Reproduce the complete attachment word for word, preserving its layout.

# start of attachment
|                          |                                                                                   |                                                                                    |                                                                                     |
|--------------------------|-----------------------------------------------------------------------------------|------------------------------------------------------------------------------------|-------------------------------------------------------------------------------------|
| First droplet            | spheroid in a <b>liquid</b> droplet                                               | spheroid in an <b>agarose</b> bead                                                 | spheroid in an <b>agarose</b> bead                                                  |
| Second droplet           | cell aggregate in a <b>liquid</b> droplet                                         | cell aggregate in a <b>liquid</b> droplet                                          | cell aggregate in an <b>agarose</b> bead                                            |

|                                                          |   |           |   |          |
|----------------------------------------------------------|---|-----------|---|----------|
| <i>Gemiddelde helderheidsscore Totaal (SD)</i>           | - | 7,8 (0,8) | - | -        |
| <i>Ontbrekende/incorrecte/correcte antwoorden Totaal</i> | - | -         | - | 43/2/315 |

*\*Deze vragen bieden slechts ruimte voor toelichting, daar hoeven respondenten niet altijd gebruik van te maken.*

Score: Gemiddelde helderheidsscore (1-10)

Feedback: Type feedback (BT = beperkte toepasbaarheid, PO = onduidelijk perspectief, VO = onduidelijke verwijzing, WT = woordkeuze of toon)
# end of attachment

|                          |                                                                                   |                                                                                    |                                                                                     |
|--------------------------|-----------------------------------------------------------------------------------|------------------------------------------------------------------------------------|-------------------------------------------------------------------------------------|
| First droplet            | spheroid in a <b>liquid</b> droplet                                               | spheroid in an <b>agarose</b> bead                                                 | spheroid in an <b>agarose</b> bead                                                  |
| Second droplet           | cell aggregate in a <b>liquid</b> droplet                                         | cell aggregate in a <b>liquid</b> droplet                                          | cell aggregate in an <b>agarose</b> bead                                            |

|                                                          |   |           |   |          |
|----------------------------------------------------------|---|-----------|---|----------|
| <i>Gemiddelde helderheidsscore Totaal (SD)</i>           | - | 7,8 (0,8) | - | -        |
| <i>Ontbrekende/incorrecte/correcte antwoorden Totaal</i> | - | -         | - | 43/2/315 |

*\*Deze vragen bieden slechts ruimte voor toelichting, daar hoeven respondenten niet altijd gebruik van te maken.*

Score: Gemiddelde helderheidsscore (1-10)

Feedback: Type feedback (BT = beperkte toepasbaarheid, PO = onduidelijk perspectief, VO = onduidelijke verwijzing, WT = woordkeuze of toon)